WelCom February 2018: The final report of the Australian Royal Commission into Institutional Responses to Child Sexual Abuse, was released on December 15 last year.
The report includes a large number of recommendations, many of which will have a significant impact on the way the Catholic Church operates in Australia.
President of the Australian Catholic Bishops Conference, Archbishop Denis Hart, said the release of the Commission’s final report is the culmination of almost five years of intense examination of the way in which many different institutions, including the Catholic Church, have historically failed children. ‘Once again, I reiterate my unconditional apology for this suffering and a commitment to ensuring justice for those affected,’ Archbishop Hart said.
Sr Ruth Durick osu, president of Catholic Religious Australia, said religious orders across Australia are committed to continuing the work of recent years to ensure a future in which the safety and protection of children and vulnerable adults is paramount.
Bill Kilgallon, Director of the Catholic Church’s National Office for Professional Standards, which investigates claims of abuse in New Zealand, writes the following.
“In 1978 a little boy started crying…in 2014 he still is.” This one of more than a thousand messages to Australia from people who were sexually abused as children. It is included in the final report of the Royal Commission into Institutional Responses to Child Sexual Abuse in Australia, which was published just before Christmas. The Commission is one of the most comprehensive examinations of child sexual abuse ever undertaken. It looked at a wide range of institutions covering many aspects of life. The scale of abuse uncovered shocked even those who set up the Commission.
The Commission looked at a number of faith-based institutions and found many had seriously failed children in their care. Sadly, in the Catholic Church many people priests, religious and lay were found to have betrayed the Gospel and the trust put in them. This combined with a catastrophic failure of leadership that sought to protect the reputation and assets of the Church rather than children. The result is that long-lasting damage has been done to children, families, communities and the Church.
“The Commission found that the absence of any effective governance in the Church was a significant factor…that allowed this abuse to occur.
The Commission – seeking to understand what it was in the culture of the Catholic Church that allowed this abuse to occur – took evidence from bishops, theologians, canon lawyers, lay people and from people who had been abused. It found that the absence of any effective governance in the Church was a significant factor. The model of leadership where the parish priest in his parish, the bishop in his diocese exercise absolute power, rather than follow the servant leadership modelled by Jesus, produced a damaging clericalism that gave them an exaggerated position of trust which some betrayed. Lack of rigour in the selection of people for priesthood and religious life, the absence of any effective structures of accountability, helped to create a Church that was not a safe place for children.
“Truly effective change requires that all of us as the people of God develop new forms of leadership built on the equal value of all people – including children.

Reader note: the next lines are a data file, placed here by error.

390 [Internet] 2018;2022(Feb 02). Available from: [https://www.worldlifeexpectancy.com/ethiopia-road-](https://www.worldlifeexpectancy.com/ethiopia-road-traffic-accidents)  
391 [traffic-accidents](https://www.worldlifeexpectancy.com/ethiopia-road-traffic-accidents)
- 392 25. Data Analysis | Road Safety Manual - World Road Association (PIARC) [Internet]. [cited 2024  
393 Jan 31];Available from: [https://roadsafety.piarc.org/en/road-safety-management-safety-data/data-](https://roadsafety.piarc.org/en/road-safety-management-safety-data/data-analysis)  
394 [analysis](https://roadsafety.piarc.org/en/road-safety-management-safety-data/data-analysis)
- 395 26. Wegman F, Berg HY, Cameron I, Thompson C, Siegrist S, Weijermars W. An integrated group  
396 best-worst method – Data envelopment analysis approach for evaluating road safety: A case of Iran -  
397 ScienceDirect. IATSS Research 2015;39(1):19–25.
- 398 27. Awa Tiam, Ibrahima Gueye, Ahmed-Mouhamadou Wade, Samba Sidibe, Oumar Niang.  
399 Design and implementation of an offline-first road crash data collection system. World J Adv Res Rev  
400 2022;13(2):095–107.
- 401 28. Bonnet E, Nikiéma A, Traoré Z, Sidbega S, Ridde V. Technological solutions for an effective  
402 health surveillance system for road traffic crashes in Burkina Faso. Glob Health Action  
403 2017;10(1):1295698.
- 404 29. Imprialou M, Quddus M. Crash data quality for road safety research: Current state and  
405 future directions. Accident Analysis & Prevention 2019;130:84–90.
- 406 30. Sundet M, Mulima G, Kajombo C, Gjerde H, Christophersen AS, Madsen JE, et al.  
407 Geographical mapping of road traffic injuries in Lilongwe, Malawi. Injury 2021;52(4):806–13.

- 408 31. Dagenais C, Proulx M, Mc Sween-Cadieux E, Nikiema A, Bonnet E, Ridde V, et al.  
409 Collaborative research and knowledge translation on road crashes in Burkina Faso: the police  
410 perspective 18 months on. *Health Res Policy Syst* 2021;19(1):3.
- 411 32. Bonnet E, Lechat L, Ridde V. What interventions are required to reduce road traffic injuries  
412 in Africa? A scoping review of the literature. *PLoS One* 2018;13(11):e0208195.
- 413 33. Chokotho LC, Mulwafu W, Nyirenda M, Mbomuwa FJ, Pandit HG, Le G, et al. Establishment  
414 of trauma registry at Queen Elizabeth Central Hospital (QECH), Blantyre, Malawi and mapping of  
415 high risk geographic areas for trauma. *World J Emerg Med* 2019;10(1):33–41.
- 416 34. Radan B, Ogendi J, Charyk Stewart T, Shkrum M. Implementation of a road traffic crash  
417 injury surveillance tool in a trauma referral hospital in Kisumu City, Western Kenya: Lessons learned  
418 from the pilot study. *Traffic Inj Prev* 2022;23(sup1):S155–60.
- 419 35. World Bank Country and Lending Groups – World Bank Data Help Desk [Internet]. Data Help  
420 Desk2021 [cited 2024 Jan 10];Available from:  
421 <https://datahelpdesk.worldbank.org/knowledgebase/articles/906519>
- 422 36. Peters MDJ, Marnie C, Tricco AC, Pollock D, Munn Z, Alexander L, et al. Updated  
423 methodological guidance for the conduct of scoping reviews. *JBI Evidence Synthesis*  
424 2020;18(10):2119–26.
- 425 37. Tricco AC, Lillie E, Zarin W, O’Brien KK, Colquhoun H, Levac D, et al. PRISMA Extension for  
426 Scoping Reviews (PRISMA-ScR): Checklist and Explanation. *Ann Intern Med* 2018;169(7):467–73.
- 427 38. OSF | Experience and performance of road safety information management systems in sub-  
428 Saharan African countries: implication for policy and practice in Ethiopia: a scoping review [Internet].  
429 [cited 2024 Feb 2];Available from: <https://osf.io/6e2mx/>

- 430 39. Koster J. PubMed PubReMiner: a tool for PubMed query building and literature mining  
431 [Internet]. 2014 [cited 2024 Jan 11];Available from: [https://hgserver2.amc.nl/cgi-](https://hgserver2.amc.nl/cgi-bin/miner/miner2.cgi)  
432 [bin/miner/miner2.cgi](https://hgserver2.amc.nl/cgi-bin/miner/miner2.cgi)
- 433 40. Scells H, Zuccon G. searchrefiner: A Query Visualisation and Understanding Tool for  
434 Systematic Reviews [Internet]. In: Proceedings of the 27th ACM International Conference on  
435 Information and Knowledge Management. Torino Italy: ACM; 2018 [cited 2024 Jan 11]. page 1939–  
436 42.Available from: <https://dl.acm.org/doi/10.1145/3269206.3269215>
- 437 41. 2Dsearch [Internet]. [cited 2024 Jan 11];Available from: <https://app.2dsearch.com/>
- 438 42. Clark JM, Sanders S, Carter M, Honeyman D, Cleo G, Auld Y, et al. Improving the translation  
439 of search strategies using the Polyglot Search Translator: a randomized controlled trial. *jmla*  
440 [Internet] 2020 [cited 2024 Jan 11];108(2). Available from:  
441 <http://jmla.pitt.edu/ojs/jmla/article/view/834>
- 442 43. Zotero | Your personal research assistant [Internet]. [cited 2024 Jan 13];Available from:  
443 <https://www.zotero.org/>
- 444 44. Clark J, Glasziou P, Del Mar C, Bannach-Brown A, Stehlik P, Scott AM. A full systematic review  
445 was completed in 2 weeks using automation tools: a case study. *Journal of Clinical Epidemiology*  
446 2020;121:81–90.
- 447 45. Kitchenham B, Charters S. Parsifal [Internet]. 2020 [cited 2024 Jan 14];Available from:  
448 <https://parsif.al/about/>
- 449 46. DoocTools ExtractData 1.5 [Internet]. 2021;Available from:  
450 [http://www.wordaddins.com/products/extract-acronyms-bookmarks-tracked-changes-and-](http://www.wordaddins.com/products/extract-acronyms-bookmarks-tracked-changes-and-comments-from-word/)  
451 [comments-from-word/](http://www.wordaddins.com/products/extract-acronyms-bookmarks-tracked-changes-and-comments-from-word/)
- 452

The Commission has made a wide range of recommendations to the Federal and State Governments and the organisations it examined. Recommendations to the Catholic Church include:
- creating a safe environment;
- listening to children;
- improving recruitment and selection processes;
- improved training for everyone working in the Church;
- introducing continuing professional development for clergy;
- developing governance structures which are lay led;
- transparency and real consultation in the appointment of bishops;
- including women in leadership and governance.
These are positive and constructive suggestions, which the whole Church needs to consider seriously. They represent a challenge and an opportunity to all of us in the Church too important to be left just to the bishops. Truly effective change requires that all of us as the people of God develop new forms of leadership built on the equal value of all people – including children.
The recently announced Public Inquiry into abuse of children in state care in New Zealand will give the Catholic Church in this country an opportunity to recognise and learn from our past failures and to take real and effective action to ensure that children now and in the future are better protected. The initial focus of the inquiry will be children who were in state care. A significant number of these were placed in services run by religions organisations including the Catholic Church.
Prime Minister Jacinda Ardern has said that the independent chair of the inquiry will be able to look at final the remit of the inquiry.
The inquiry details are part of the government’s 100-day plan and are expected to be announced early February.
“…follow the servant leadership modelled by Jesus…
Bill Kilgallon is retiring from his role as Director National Office for Professional Standards later this month.
The final report of Australian Royal Commission into Institutional Responses to Child Sexual Abuse brings together what the Commission learned during its five-year inquiry. It sets out what it heard, its conclusions and its recommendations to better prevent and respond to child sexual abuse in institutions. The final report is made up of a preface and executive summary and 17 volumes.
A copy of the report is on the Royal Commission’s website at:
Read Commission recommendations relating specifically to Catholic Church at: www.tjhcouncil.org.au/media/143705/171215-Royal-Commission-recommendations-to-the-Catholic-Church.pdf
Read Commission summary on Catholic Church at: